The Decatur, Chesapeake & New Orleans Railway Company on June 25, 1889, executed a deed of trust to the American Loan & Trust Company on all of its property, rights, and privileges then or thereafter acquired, as security for three millions of bonds running for 40 years, with interest coupons attached. $1,300,000 of these bonds were issued. In consequence of default in the payment of interest, the American Loan & Trust Company, trustee, on December 15, 1890, filed its bill in the United States circuit court for the Northern district of Alabama against the Decatur, Chesapeake & New Orleans Railway Company for the foreclosure of the deed of trust, the sale of the property, and the rights and privileges therein described, and the payment of the outstand ing bonds. On January 5, 1891, a decree was rendered accordingly. This decree not having been executed, on August 3, 1891, the State Trust Company of New York, the successor of the American Loan & Trust Company as such trustee in the deed of trust, filed its supplemental bill in the above suit, reiterating many of the matters in the original bill, and setting up that the appellant, Thomas M. Hobbs, and others claimed some lien or interest in the premises, for which they were made parties defendant, and praying that the lien of the deed of trust be declared superior to all others, that the defendants be forever barred, and that a foreclosure of the deed of trust be had for the benefit of the bondholders. Thereupon, the appellant, Thomas M. Hobbs, filed his answer to the original and supplemental bills, and therein averred that on August 1, 1890, the Decatur, Chesapeake & New Orleans Railway Company filed its application in the probate court of Limestone county, Ala., for the condemnation of right of way 100 feet wide in, through, and over his (the appellant's) land in Limestone county, Ala.; that thereupon answer was filed, the Jury was impaneled, a trial was had, the damages were assessed at $8,196.33, and a judgment of condemnation was rendered August 18, 1890, all in conformity to the statutes of Alabama; that payment of these damages not being made, as required by the constitution of Alabama, the appellant, on September 1, 1890, filed his bill in the chancery court of Limestone county, Ala., against the Decatur, Chesapeake & New Orleans Railway Company et al., and obtained a preliminary injunction restraining the defendants therein from taking the right of way until payment of the damages was made; and that thereupon, on September 3, 1890, a compromise was made by the appellant with the Decatur, Chesapeake & New Orleans Railway Company, by which such damages were fixed at $2,500, payment of which was to be made by September 15, 1890. Said Hobbs further answered that the Decatur, Chesapeake & New Orleans Railway Company having failed in the payment of the compromise sum, the appellant at the March term, 1891, of the chancery court of Limestone county, Ala., by amendment to his bill, brought the compromise before the court, and thereupon by decree the court declared a lien on the right of way in his favor to the extent of $2,500; that on April 13, 1891, the register, after due advertisement, made sale of the right of way at public auction to the appellant, the highest bidder, executed to him a deed, and placed him in possession,-all of which was duly confirmed by the court; that the rails and ties had been laid in and on the right of way and were a part of the real estate; and that the deed of trust was not filed in Alabama for record, nor did the appellant have any notice of it whatever, until after September 27, 1890. In the said answer the said Hobbs specifically averred as follows: "After this defendant thus bought the right of way on April 15, 1891, he severed, removed, and sold the rails thereon, as he had a right to do, they having become real estate when thus laid in the track, roadbed, and earth.” To the said answer were attached exhibits showing transcript of the proceedings before the probate court of Limestone county, Ala., instituted by the Decatur, Chesapeake & New Orleans Railway Company, to condemn the lands of Hobbs for the use of said railway company as a right of way, and the proceedings had in the chancery court for the Northwestern division in the Fifth district of Alabama, wherein the amount of the compromise between the railway company and said Hobbs was declared to be a lien upon the lands covered by the right of way for the amount of $2,500, and the same were ordered sold to satisfy said lien, etc. Issue was joined upon the said answer, and thereafter the cause was heard, and a decree pronounced, to the effect that the mortgage made by the Decatur, Chesapeake & New Orleans Railway Company to the American Loan & Trust Company was a valid and subsisting mortgage and constituted a first lien upon the mortgaged premises, property, and franchises described in said mortgage, and further decreeing a foreclosure of the lien and a sale of the railway property to satisfy the same.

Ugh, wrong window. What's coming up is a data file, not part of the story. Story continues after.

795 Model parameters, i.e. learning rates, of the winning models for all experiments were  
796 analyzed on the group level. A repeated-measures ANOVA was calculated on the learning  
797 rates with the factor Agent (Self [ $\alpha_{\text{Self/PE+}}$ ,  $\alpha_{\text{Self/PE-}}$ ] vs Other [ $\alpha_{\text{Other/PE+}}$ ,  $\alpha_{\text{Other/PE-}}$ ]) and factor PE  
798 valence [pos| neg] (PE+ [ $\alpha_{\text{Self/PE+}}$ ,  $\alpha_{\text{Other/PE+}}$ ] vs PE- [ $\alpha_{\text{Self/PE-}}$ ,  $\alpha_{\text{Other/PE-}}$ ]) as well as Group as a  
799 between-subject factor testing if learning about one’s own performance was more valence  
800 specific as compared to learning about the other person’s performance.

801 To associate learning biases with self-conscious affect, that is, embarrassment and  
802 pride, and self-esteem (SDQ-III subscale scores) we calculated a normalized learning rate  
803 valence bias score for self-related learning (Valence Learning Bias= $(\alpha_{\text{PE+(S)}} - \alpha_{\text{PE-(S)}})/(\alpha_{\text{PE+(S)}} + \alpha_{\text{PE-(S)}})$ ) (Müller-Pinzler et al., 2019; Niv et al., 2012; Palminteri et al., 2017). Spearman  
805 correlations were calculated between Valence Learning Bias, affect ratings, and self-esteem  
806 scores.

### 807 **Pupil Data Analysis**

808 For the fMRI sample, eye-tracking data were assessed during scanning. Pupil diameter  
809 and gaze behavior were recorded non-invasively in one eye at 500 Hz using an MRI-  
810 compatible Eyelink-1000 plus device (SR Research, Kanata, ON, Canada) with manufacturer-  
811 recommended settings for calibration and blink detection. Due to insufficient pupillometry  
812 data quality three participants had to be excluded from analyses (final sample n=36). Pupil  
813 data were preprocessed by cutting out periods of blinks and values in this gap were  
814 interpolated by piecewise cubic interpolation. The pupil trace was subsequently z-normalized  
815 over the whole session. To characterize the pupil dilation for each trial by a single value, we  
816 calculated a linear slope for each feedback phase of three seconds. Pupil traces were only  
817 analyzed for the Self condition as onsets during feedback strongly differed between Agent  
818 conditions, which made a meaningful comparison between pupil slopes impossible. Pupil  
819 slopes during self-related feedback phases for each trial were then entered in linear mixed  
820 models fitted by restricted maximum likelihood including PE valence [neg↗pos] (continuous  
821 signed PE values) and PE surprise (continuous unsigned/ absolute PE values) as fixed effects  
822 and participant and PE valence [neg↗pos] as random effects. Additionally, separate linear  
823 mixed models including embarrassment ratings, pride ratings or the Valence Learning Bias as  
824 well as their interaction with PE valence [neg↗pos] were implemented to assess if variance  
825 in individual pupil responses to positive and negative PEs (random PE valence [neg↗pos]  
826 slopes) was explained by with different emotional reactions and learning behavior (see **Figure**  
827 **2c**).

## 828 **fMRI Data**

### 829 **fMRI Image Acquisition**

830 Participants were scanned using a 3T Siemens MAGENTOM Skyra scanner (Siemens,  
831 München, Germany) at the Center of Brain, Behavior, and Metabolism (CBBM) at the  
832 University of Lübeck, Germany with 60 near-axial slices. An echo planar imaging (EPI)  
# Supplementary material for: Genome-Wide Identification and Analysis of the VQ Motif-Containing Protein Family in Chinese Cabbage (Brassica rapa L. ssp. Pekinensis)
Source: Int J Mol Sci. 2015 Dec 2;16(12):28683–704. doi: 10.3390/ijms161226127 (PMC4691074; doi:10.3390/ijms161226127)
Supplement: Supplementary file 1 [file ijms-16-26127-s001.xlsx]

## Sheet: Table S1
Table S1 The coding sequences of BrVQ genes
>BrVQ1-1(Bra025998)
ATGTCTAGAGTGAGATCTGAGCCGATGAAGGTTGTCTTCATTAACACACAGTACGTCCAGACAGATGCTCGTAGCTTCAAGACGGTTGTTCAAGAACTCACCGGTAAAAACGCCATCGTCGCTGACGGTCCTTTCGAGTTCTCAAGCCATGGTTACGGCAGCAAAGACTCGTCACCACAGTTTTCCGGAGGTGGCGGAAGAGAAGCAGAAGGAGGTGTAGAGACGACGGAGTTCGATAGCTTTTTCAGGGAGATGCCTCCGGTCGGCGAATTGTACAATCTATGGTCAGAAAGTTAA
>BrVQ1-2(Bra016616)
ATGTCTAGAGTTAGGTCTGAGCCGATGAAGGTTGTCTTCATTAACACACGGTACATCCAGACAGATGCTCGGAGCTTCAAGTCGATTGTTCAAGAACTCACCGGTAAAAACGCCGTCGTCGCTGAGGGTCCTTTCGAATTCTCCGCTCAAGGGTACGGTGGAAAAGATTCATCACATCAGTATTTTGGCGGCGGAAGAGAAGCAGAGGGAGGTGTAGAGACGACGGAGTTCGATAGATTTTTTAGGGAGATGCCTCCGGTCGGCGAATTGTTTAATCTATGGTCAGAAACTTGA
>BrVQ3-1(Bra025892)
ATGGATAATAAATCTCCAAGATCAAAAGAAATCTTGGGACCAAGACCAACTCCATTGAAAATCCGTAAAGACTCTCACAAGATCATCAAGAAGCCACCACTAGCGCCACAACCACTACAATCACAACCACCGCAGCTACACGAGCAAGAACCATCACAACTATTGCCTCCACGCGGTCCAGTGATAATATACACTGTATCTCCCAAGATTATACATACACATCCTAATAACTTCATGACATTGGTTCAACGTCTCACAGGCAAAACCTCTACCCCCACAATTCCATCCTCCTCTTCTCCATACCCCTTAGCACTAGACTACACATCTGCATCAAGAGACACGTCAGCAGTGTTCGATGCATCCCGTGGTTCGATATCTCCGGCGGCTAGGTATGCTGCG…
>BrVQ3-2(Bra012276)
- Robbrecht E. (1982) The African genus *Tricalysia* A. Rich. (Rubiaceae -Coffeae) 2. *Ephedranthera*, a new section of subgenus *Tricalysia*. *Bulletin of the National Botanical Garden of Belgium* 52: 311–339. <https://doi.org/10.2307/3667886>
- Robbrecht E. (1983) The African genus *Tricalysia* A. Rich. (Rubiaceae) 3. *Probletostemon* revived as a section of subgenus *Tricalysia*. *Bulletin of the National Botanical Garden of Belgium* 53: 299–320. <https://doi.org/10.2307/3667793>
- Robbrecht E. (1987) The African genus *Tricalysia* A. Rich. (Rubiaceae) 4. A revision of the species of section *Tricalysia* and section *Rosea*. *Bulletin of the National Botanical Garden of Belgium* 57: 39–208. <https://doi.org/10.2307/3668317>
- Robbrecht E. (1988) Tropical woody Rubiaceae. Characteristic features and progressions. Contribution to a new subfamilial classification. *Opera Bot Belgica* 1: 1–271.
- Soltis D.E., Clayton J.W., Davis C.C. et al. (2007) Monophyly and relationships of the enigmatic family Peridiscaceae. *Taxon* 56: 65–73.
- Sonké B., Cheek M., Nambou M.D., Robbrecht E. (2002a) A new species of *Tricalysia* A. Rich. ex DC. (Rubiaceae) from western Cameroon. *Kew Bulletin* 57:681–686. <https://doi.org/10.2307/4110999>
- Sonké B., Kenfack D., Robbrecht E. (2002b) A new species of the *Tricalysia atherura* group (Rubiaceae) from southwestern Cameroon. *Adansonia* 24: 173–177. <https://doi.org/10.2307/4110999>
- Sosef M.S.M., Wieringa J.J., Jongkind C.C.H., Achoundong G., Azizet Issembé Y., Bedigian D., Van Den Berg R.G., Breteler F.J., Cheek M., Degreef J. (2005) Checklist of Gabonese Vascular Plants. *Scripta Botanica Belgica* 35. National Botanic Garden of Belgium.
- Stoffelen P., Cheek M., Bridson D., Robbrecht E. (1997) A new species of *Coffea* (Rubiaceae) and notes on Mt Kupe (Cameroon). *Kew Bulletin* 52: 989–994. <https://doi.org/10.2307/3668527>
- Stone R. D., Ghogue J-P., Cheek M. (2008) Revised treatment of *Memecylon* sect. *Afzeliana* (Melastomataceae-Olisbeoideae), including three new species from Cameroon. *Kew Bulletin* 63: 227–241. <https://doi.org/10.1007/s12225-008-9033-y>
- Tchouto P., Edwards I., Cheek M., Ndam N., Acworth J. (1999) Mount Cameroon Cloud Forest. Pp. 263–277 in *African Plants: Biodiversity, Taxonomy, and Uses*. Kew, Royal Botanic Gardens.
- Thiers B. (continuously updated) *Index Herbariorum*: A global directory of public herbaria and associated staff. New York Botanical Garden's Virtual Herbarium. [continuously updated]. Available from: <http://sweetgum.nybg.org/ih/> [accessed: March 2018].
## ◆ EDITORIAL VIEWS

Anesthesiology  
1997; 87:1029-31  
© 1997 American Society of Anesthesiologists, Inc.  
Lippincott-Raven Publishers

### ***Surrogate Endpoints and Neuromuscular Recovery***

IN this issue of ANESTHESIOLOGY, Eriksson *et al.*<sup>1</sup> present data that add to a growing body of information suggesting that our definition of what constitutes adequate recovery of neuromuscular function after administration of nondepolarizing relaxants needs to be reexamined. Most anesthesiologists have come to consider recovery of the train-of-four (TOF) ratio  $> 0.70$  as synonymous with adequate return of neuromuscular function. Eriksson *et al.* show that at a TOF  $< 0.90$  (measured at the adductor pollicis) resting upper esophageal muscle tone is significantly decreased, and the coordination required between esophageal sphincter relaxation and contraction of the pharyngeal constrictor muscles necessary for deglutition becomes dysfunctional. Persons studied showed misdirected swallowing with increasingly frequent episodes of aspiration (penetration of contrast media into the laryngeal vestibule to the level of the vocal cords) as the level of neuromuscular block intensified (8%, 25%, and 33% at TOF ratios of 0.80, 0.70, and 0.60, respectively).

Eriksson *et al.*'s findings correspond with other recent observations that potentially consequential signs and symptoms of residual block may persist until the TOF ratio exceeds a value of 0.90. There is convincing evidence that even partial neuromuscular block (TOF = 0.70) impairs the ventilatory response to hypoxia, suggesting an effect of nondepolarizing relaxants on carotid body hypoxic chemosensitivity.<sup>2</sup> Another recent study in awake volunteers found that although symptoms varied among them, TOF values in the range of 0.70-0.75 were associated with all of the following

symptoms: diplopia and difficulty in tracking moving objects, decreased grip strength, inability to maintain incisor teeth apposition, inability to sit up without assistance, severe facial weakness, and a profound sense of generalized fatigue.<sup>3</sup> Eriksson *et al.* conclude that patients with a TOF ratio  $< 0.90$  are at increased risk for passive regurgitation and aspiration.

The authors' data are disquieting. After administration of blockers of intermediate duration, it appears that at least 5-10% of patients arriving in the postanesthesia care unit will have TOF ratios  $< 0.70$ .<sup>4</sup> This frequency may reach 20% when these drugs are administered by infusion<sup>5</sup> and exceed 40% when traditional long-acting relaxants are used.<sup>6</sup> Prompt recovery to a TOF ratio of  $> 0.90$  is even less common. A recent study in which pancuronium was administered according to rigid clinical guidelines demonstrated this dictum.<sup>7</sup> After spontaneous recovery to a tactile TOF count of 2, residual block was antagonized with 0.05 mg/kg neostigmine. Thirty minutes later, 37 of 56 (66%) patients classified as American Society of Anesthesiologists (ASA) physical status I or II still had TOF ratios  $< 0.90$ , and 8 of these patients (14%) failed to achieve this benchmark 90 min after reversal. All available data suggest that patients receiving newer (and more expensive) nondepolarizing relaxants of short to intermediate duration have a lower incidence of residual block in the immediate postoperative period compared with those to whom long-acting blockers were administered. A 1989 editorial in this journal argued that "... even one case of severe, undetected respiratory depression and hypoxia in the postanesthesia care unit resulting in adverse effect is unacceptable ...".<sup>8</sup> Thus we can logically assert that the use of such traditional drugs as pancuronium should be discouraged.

The present case is one made by a bill of review filed April 6, 1893, by Thomas Maclin Hobbs, complainant below, appellant here, wherein the foregoing proceedings in cause No. 166 are recited, and the charge made that the said decree of foreclosure is erroneous, in this: That it makes the lien of the mortgage or deed of trust, therein referred to, superior to the lien or right of complainant, Thomas M. Hobbs, as to certain described lands; and asserting